Problems with the western diet
The fish market isn’t the only industry where omegas-3s (specifically DHA) are quickly disappearing. A nutritional disaster is literally knocking on our front door. Humans require an omega-6: omega-3 ratio of 4:1. The typical western diet provides a staggeringly high 16:1 ratio. Lowering this ratio reduces the risk of many chronic diseases including Alzheimer’s, cardiovascular disease, coronary heart disease and some cancers. In addition to the benefits gained from a healthy omega-6: omega-3 ratio, increased levels of DHA provide much needed nutrients essential to human functions.
Omega-3 enriched foods and beverages have had an enormous growth over the last six years. But, not all omega-3 are created equal. DHA, a long chain omega-3 fatty acid, is the most abundant omega-3 in the brain and retina. It is also an important structural component of heart tissue and naturally found in fish and marine algae. EPA, a long chain omega-3 fatty acid, is important for human health. However, it is not stored in significant levels and is not efficiently converted to DHA in the human body. The shorter-chain omega-3 fatty acid, ALA, serves mostly as a source of energy in the human body and cannot be converted efficiently into DHA.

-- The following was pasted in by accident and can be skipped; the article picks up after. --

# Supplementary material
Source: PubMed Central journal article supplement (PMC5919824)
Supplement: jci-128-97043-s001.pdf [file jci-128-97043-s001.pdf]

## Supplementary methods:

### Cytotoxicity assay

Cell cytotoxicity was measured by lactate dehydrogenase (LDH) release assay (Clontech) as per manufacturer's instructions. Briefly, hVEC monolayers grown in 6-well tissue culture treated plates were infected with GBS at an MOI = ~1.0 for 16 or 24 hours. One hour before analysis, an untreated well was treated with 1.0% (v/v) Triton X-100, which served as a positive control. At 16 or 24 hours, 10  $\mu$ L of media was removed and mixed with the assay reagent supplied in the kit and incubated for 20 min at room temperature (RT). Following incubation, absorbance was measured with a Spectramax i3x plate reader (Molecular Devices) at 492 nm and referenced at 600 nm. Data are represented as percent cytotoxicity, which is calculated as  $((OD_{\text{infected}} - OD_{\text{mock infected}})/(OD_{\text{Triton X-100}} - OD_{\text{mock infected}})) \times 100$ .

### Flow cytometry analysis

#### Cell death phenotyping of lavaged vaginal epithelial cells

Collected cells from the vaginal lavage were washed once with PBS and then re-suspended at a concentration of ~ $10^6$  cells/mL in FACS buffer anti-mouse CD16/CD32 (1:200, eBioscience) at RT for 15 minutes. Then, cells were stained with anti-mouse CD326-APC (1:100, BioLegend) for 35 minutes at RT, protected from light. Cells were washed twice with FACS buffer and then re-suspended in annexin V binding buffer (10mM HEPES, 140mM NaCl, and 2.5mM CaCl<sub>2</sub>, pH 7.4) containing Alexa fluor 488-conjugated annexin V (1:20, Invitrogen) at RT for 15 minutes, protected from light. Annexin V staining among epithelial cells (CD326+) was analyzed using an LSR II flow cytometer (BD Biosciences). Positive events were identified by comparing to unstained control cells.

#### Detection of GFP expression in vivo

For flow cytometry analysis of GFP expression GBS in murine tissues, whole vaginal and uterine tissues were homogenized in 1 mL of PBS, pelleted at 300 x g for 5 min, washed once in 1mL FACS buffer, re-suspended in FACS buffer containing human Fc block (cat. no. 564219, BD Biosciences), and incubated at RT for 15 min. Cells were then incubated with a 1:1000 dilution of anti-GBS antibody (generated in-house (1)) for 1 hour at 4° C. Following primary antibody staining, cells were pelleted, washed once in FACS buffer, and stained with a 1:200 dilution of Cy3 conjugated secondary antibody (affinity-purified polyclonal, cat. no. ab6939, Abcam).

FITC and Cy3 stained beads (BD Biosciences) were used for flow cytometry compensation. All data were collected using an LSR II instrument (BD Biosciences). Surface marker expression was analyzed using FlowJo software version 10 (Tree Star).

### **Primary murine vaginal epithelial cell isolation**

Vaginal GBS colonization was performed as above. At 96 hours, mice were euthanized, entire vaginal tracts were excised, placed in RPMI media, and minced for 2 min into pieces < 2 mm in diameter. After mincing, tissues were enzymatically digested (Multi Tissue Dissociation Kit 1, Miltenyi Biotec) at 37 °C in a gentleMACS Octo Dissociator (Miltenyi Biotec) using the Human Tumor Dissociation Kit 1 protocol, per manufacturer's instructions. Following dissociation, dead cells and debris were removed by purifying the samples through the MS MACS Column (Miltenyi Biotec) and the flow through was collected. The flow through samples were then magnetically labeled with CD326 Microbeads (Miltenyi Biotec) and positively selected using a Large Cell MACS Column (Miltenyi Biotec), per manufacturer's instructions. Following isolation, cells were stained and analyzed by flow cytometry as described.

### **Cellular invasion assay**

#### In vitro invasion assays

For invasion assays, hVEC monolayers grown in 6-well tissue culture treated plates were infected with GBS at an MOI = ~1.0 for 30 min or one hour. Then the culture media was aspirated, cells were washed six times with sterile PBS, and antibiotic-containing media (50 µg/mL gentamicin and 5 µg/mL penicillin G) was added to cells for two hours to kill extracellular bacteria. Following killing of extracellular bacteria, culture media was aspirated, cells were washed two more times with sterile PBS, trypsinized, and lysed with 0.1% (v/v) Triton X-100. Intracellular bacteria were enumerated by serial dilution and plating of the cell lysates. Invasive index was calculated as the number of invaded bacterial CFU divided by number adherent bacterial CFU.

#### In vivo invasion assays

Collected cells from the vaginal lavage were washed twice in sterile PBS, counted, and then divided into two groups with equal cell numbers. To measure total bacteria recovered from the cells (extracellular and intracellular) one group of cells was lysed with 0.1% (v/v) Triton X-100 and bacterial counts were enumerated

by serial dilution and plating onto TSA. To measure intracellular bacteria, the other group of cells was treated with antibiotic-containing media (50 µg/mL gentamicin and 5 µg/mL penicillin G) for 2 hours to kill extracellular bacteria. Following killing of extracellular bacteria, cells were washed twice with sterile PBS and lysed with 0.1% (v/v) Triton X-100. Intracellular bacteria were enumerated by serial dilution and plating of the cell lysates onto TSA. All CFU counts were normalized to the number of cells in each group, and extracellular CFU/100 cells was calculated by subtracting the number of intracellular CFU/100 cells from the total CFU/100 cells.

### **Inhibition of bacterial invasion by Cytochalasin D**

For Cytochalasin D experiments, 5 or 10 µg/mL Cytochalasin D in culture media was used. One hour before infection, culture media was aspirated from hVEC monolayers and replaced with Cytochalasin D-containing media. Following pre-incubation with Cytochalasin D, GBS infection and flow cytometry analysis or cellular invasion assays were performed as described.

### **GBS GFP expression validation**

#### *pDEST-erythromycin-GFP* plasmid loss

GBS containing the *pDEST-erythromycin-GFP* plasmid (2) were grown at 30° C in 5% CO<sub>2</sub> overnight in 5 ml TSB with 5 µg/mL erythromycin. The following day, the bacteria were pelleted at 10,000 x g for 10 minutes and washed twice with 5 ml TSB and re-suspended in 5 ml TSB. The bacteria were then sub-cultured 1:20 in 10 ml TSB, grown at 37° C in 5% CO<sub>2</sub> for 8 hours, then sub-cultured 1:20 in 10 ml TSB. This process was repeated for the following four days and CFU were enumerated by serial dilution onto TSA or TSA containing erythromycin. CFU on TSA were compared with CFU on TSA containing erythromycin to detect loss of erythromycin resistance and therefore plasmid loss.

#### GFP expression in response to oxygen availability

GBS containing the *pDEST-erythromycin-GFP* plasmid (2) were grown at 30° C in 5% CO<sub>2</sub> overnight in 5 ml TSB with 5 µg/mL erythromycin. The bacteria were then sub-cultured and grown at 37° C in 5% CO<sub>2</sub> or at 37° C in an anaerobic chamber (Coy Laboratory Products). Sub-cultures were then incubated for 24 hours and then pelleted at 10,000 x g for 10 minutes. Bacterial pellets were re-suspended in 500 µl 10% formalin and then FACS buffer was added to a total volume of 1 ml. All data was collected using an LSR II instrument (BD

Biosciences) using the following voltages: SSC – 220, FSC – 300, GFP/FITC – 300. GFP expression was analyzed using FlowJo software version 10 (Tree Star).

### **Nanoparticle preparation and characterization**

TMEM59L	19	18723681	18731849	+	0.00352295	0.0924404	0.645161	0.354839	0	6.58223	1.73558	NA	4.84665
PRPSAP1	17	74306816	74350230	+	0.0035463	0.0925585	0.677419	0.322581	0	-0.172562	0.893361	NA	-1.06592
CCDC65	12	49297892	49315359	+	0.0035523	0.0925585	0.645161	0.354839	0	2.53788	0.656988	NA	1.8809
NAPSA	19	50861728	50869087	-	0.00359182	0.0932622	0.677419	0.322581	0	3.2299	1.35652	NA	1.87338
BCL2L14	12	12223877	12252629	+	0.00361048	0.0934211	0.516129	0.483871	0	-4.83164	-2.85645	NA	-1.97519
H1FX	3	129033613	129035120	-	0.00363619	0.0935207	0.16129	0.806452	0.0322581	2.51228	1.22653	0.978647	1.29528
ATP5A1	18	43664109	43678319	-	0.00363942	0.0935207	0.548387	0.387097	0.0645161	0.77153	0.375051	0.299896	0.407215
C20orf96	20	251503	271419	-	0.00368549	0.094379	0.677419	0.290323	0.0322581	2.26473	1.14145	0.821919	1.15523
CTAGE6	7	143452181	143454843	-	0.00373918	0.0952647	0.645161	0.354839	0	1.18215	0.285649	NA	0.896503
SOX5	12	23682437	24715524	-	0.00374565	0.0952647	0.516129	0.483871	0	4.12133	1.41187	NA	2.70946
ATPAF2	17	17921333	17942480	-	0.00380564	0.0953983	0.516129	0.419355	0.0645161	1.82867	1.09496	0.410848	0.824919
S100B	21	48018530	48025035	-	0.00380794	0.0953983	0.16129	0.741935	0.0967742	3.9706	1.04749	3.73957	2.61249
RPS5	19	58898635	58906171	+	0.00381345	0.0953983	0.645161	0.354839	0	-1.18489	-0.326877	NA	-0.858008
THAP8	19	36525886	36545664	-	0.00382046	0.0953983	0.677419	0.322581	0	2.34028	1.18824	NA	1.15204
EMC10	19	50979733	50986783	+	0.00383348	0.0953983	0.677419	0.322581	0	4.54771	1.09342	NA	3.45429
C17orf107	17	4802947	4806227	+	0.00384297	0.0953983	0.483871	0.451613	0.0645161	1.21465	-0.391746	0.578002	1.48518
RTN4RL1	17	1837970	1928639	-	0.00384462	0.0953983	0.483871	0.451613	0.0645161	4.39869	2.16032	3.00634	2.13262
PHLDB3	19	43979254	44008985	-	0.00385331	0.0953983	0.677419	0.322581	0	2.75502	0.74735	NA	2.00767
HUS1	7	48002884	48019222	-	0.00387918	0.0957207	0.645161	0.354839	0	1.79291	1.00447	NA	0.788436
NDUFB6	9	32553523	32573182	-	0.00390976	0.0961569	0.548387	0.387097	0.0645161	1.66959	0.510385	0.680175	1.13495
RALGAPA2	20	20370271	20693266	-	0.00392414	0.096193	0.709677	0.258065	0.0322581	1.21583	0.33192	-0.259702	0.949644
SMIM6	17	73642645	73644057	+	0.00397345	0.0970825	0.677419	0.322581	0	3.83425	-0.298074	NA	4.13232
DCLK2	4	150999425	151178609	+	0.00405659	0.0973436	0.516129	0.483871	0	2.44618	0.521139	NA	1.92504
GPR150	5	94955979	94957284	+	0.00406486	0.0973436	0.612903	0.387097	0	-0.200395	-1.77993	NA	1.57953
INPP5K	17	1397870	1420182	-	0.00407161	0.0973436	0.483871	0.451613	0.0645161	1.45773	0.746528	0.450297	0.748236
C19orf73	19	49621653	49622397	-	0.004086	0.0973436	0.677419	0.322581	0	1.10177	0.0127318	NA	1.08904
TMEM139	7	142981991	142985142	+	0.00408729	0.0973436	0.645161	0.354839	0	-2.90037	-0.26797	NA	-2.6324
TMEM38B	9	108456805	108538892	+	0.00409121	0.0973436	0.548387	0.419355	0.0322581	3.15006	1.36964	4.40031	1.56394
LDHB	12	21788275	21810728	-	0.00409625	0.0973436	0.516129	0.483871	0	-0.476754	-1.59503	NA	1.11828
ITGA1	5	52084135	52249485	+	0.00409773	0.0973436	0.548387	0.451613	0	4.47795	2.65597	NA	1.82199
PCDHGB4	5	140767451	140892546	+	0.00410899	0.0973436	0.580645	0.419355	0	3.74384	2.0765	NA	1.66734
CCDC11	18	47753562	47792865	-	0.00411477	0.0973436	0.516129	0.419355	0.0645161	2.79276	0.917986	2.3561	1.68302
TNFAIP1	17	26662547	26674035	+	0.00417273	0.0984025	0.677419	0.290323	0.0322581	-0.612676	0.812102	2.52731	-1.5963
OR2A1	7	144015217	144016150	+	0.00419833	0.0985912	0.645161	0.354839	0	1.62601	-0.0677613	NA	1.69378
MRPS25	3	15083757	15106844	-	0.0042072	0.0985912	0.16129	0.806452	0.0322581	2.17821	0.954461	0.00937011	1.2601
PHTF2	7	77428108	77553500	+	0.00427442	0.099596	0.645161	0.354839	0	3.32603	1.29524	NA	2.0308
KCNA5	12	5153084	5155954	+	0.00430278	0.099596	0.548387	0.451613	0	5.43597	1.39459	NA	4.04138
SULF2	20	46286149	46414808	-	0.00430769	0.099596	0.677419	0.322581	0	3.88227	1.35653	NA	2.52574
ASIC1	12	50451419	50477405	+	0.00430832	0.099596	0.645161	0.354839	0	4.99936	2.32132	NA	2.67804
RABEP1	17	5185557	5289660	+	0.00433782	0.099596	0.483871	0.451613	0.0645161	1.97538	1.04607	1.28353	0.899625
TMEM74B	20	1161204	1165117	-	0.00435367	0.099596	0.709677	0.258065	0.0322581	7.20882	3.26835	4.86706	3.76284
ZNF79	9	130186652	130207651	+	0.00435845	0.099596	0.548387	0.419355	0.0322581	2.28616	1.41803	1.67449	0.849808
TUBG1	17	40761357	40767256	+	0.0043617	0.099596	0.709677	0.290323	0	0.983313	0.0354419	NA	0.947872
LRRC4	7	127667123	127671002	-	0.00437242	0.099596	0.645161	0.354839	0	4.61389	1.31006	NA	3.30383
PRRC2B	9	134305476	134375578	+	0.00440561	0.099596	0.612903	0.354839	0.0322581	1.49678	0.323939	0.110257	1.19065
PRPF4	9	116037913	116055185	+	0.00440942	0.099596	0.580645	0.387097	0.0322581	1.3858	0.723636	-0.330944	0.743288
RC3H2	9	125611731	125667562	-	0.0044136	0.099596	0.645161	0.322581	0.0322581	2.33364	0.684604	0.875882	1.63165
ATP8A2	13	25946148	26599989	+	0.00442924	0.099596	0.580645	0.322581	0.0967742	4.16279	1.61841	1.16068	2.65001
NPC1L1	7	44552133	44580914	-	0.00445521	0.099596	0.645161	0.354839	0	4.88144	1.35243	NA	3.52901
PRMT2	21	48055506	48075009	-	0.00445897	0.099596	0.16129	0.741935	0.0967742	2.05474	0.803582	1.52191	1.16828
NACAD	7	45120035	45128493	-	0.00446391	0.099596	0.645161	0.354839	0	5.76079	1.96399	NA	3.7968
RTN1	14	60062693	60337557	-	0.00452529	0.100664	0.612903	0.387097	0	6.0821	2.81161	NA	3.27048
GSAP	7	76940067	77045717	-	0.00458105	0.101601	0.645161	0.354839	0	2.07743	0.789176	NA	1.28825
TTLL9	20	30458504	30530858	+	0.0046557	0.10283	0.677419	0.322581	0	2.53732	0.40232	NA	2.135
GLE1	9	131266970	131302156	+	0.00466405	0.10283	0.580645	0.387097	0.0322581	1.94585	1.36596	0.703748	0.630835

DHA play important roles in human diets during pregnancy and early infant development. In adults, high levels of dietary DHA and EPA have been associated with lower rates of coronary heart disease, arrhythmias, atherosclerosis and inflammation, diabetes, and cancers. The typical US dietary intake of DHA + EPA is 100 mg/day, falling far short of the recommendations that range from 400 to 1000 mg/day.
Food products are now being enriched or fortified with DHA omega-3 in order to meet consumers’ nutritional requirements. Some bread and milk are now being fortified with DHA omega-3. Alltech has set out, together with retailers, feed manufactures and farmers, to create eggs and meat that are high in omega-3 DHA.
Microalgae and functional foods
Alltech tested the effects of oil from Schizochytrium, the microalgae strain added to layer diets on egg fatty acid profiles. Alltech tested Hy-Line W36, 46-week-old, 288, 12 replicate units of six hens per unit, egg samples taken after feeding four weeks treatment diets, the control diet was a corn-soy and the dose titration: 0, 0.5, 1.0 and 2.0% algae were compared.
Microalgae supplementation of chicken diet is potentially safe, sustainable way to create functional, DHA-enriched eggs to help human dietary deficiencies.
In order to utilise microalgae on a wider level, greater understanding of their nutritional value is required. Alltech investigated the effects of adding different levels of microalgae to broiler diets on growth performance, immunity of broiler chicks and the fatty acid profile of chicken meat and liver.